Hello everyone! ♥
Welcome to my first actual discussion post in a while 😀 I have to admit, coming up with discussion topics isn’t as easy when you’re currently not reading much, so this one is something I took from my list of post ideas I composed last year. Most of my ideas are no longer relevant, but a few surprisingly still are.
As you could guess from the title, today I’ll be talking about translated books and my relationship with them. I love it, hate it, can’t live without it, yet don’t wanna live with it anymore. Sounds confusing? I’ll explain soon 🙈 a little background : I live in Indonesia and my native language is Bahasa. I’ve learned English ever since I was a toddler, but I didn’t start reading books in English until I was a late teenager.
Disclaimer : in this post I’ll only be talking about books translated from English to your native language, not from foreign language to English.
When I first started reading, I read local books. And comics. I love them, but soon I was running out of things to read, so I started to branch out and read translated books. My first book was Harry Potter (surprised, surprised). I admit, I LOVED translated books. It opened so many doors for me. I mean, if I only read local books, I wouldn’t be the reader I am today.
A few years later, I started to get curious and I wanted to read English books in their original language. Funny thing was, there was this cheap books sales selling English books so I thought, this is perfect coincidence! But you know what I bought? I bought… Much Ado About Nothing by Shakespeare… Idk, Shakespeare was a big name and I thought I was gonna start big, but it was freakin classic! I didn’t even like reading classics in my own language, let alone in English one page in and I already leafed through my Oxford dictionary a few times.
Long story short, I gave up.
It was in 2013 when I eventually read an English book—from end to end. I was following Divergent series and when Allegiant came out, I was so impatient I couldn’t wait for the translated version to come out!! So I bought the original version and surprisingly, I enjoyed it. For sure I didn’t completely understand every words, but I understand enough to get by. It opened even more doors for me, because now I get to read more : books that the translation version haven’t come out and books that didn’t get translated, among others.
My English gets better and better each day and it becomes a habit for me to buy and read books in English. I befriend bloggers from all over the world who also read English on daily basis. It’s the new normal. Until I met people in real life who “mock” my choice.
I met a few coworkers who also love to read. We’d talk about books we both love and own and when they asked for recommendations, I gave them a few titles I love. When they asked to borrow the books, I told them my copies are in English and if they mind. Aaaaaand they started implying that I’m pretentious or above them by reading in English instead of the translated ones. And they talk about how English books are more expensive and why would I opt for them instead. The comments went on, but the most annoying part is when they resent me for buying books in English because then they can’t borrow the books.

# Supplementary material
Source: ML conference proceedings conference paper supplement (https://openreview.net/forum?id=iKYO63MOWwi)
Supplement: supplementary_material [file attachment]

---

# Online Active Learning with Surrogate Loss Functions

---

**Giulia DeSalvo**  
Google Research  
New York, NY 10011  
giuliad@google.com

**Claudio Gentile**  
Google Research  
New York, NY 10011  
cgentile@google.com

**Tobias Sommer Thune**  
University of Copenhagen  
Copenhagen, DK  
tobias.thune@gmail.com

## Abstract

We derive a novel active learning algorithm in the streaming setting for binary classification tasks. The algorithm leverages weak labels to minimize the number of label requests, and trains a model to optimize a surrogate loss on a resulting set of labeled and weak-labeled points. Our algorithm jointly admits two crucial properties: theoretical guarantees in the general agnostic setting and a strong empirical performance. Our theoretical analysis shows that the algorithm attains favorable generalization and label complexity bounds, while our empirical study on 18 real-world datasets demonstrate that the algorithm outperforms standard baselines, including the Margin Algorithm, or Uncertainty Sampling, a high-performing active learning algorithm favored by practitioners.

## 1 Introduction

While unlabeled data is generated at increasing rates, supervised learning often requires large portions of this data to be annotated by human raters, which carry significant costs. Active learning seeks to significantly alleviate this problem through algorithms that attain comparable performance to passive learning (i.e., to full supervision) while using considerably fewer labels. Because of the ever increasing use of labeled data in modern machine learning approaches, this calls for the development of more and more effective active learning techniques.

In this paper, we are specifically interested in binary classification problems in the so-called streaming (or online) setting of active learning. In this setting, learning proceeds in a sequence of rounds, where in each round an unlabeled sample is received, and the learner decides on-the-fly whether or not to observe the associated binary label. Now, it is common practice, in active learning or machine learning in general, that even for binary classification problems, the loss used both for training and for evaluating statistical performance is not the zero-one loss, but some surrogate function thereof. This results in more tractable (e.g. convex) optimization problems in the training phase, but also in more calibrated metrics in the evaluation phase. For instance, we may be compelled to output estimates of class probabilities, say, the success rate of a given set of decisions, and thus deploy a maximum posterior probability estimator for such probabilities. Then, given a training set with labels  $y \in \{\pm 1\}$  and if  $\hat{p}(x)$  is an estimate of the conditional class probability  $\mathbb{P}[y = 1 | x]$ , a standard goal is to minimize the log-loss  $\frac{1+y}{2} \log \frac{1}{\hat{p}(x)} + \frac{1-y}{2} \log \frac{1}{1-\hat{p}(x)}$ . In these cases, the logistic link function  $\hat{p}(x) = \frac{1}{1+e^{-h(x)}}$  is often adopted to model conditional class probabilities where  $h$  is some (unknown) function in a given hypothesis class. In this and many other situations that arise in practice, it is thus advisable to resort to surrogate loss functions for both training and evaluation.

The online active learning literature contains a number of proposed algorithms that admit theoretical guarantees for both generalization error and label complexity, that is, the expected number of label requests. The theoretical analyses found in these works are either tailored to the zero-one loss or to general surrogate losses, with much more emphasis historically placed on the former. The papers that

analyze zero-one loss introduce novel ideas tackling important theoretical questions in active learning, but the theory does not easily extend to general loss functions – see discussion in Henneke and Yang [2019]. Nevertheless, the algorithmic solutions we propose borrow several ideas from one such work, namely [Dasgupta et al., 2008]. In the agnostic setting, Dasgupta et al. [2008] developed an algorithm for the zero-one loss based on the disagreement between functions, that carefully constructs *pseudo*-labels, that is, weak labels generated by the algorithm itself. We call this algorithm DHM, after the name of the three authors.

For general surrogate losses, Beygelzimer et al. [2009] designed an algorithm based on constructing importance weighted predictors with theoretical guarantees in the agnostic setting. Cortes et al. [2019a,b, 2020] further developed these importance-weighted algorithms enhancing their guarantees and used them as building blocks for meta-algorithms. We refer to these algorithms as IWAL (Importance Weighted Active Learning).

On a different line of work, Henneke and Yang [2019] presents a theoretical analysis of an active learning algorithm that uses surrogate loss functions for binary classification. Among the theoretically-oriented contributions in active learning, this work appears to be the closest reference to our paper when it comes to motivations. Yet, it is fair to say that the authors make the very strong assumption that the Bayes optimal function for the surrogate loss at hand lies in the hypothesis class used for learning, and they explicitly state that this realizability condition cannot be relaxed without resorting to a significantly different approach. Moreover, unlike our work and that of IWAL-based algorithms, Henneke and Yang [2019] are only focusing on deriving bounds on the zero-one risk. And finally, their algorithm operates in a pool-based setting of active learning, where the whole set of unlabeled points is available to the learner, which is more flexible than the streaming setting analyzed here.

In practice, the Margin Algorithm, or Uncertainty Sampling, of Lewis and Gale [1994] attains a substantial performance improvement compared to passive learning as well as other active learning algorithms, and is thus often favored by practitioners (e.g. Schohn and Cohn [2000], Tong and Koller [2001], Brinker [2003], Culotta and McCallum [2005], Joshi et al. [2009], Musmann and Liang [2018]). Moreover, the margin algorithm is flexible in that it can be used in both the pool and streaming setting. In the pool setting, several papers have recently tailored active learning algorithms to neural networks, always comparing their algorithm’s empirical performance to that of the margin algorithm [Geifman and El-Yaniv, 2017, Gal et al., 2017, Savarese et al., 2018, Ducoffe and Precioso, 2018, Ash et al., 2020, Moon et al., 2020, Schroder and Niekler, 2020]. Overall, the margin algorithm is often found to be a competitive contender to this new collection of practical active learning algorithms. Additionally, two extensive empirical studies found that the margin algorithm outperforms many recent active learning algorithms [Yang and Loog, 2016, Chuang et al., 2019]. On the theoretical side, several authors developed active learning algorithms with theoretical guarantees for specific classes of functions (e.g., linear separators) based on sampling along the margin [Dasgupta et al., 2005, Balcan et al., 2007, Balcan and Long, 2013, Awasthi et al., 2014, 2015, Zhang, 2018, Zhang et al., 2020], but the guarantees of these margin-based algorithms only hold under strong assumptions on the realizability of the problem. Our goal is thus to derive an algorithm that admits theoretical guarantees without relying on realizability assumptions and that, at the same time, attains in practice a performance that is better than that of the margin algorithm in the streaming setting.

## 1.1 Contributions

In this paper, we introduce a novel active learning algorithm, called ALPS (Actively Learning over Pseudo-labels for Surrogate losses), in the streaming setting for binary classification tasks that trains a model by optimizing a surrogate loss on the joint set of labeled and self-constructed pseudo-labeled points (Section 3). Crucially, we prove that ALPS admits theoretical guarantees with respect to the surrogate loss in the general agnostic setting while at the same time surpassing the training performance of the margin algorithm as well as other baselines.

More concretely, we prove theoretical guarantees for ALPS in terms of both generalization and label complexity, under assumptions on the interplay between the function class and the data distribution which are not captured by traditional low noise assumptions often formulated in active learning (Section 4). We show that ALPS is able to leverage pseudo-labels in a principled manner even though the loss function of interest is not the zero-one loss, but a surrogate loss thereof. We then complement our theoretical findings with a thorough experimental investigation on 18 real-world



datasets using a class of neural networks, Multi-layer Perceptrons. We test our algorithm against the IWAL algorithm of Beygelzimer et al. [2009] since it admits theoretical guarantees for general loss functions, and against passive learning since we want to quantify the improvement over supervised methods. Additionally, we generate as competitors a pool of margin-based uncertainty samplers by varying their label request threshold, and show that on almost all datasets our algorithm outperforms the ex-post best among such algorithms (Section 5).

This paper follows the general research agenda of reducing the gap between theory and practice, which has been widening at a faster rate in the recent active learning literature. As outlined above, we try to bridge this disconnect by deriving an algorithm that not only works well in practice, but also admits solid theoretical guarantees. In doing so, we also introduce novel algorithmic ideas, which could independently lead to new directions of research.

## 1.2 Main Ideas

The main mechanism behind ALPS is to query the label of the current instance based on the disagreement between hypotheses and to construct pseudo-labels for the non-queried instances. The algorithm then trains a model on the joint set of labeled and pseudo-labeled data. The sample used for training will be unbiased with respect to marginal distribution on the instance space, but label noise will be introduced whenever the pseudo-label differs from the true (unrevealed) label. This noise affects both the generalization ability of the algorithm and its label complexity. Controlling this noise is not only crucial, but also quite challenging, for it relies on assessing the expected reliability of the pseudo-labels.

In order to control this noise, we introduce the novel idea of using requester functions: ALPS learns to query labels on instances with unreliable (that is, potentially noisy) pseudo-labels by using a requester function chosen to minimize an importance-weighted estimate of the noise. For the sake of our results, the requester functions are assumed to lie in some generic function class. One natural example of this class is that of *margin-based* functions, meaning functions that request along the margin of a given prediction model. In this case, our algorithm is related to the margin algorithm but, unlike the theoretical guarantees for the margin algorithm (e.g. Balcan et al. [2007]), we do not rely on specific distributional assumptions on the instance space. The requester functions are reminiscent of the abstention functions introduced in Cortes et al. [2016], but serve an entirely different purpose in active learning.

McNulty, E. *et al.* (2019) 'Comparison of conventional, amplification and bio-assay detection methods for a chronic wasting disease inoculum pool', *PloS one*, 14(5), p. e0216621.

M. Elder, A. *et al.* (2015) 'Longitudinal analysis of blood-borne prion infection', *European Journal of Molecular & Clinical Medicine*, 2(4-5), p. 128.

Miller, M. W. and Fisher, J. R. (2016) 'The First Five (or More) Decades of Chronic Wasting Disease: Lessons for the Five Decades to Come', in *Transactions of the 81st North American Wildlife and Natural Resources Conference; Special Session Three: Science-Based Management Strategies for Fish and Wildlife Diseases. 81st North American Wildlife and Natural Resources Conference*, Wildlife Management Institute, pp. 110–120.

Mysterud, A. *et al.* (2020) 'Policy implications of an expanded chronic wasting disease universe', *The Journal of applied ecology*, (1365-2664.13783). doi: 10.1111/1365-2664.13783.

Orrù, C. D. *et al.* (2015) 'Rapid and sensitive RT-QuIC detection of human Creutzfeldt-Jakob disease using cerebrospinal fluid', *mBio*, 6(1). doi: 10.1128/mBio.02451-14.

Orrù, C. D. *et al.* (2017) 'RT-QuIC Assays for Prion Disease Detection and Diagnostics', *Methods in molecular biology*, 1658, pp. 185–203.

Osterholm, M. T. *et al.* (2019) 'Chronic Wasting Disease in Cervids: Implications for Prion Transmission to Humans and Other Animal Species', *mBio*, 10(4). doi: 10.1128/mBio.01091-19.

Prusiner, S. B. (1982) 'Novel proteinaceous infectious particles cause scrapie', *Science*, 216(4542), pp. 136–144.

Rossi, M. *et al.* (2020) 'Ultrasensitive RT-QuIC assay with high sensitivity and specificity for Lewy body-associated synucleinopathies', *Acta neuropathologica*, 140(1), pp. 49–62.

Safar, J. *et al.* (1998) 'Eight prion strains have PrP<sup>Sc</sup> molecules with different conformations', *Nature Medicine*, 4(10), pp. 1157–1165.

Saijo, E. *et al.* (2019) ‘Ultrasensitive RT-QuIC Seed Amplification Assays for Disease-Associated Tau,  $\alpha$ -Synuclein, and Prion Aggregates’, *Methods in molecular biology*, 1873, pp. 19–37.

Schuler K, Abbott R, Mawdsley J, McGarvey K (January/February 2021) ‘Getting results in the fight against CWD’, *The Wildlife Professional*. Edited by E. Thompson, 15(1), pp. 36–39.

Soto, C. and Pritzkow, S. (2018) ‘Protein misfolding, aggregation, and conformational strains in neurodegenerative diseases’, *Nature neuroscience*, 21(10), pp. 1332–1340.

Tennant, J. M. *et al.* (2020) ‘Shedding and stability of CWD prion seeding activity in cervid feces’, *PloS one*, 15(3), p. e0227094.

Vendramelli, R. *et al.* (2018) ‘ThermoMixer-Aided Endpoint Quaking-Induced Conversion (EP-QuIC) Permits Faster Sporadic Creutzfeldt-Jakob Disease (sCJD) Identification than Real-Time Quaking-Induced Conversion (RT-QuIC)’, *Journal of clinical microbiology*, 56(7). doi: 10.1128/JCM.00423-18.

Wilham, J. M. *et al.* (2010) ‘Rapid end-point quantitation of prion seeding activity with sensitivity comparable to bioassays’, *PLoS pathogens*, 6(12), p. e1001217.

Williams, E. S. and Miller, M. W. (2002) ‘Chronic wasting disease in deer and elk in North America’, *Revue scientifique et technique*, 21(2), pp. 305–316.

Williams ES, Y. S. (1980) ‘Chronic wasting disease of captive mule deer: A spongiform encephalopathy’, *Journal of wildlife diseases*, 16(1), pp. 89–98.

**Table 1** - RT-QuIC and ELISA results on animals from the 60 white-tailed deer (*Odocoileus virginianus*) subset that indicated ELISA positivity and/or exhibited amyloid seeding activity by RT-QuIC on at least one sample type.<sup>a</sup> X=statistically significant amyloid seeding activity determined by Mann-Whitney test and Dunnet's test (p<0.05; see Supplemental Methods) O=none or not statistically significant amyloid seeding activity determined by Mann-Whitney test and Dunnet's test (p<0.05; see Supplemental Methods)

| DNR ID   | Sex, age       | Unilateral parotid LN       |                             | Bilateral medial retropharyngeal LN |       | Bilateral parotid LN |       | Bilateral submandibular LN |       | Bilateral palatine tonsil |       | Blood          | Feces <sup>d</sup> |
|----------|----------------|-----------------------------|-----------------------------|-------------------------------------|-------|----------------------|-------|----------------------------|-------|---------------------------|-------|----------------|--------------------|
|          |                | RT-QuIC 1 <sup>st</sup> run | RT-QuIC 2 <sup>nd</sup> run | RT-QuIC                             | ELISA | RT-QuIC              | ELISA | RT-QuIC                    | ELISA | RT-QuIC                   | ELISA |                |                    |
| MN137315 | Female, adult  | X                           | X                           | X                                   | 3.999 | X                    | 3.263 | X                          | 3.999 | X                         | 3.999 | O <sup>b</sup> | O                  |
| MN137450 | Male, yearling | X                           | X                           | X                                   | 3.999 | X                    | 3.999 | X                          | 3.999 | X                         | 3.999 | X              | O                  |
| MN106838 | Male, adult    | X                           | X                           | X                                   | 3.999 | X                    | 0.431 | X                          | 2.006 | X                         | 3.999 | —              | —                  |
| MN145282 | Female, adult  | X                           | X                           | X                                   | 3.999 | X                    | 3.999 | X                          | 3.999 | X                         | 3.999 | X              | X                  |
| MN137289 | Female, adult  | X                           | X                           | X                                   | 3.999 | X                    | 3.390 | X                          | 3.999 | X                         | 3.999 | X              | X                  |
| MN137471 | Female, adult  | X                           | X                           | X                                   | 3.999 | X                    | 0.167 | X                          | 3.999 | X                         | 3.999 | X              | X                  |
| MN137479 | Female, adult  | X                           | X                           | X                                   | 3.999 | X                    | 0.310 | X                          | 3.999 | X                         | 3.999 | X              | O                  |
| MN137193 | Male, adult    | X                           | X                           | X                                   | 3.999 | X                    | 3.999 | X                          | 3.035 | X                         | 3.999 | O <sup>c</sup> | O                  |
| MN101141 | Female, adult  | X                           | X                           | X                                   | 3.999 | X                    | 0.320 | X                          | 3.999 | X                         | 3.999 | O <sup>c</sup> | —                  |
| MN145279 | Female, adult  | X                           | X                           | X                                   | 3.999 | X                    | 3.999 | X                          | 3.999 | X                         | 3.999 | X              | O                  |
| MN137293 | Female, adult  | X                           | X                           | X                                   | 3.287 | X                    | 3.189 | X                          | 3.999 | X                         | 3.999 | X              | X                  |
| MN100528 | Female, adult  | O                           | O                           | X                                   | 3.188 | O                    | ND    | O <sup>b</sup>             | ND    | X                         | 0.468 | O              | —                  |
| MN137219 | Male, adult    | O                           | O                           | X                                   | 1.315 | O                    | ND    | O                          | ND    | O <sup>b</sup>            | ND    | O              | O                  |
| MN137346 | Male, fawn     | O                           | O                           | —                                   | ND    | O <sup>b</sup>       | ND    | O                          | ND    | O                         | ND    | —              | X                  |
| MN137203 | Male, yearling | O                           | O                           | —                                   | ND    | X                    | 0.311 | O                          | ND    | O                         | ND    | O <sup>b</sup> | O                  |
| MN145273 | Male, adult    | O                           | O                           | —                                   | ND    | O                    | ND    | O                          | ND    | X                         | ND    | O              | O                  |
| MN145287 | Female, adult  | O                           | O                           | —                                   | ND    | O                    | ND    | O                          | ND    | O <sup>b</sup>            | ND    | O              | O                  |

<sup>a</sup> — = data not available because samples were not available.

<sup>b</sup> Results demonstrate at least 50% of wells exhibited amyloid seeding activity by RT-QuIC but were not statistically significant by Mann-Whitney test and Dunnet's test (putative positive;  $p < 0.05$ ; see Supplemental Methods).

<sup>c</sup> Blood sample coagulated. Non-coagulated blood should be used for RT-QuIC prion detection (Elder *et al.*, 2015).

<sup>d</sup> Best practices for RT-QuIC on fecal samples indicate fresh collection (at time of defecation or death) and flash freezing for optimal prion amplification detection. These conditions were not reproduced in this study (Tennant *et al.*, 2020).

I was like??? Excuse me but I buy books for MYSELF, not for you people who can’t even respect my choice.
So that’s where this post came from.
What I Love from Translated Books
- Like I said, it opened SO MANY doors for me. I wouldn’t be able to read Harry Potter at such a young age if it wasn’t because of the translated version.
- Translators are miracle workers!! Even if sometimes the translations aren’t perfect, I admire their works so, so much ♥
- I get to read books in foreign language. Ruby Red trilogy by Kerstin Gier is one of my favorite series and it was in German. If it wasn’t translated to English, I wouldn’t have read it by now.
- They’re indeed cheaper. You could buy the translated book for half the price of the original version.
What I Dislike from Translated Books
- The jokes don’t get translated as well. You know how sometimes a joke is in idioms but in the translated version they translate it literally so you lose the point? That happens a lot. I first noticed it when I read Percy Jackson. I felt like the jokes were too stiff and frankly not funny, and when I looked at the original version, I found out why.
- Sometimes the translated versions are too formal. In Bahasa (or maybe in other languages as well) different context require different speaking style. But a lot of times I found in translated books, the characters speak like they are writing reports—way, wayyy to formal, and highly unusual. I know that writing informally would look messy, but there’s that line between completely formal and completely informal. Local books usually find that balance, but translated books often don’t.
- They take a long time to release. Sometimes I want to read books right on their release date and waiting for the translated version is agony. Although I admit, nowadays translated books get released a lot faster than it used to. Probably only a month or two later than the original version.
- A lot of books I want to read don’t even get translated.
Well if you see the list above, you’d find four pros and four cons. So, it’s a tie, right? But still, for me the cons outweigh the pros so I’d still choose to read the original version in English 😛
That’s the end of my discussion! I must admit, I’m a little rusty after a long while not writing this kind of post 🙈 now LET’S TALK!! Do you have you own experience with translated books. Especially for international bloggers whose first language isn’t English out there, what made you decide to read books in English? Do you still read the translated version? Tell me! 😀
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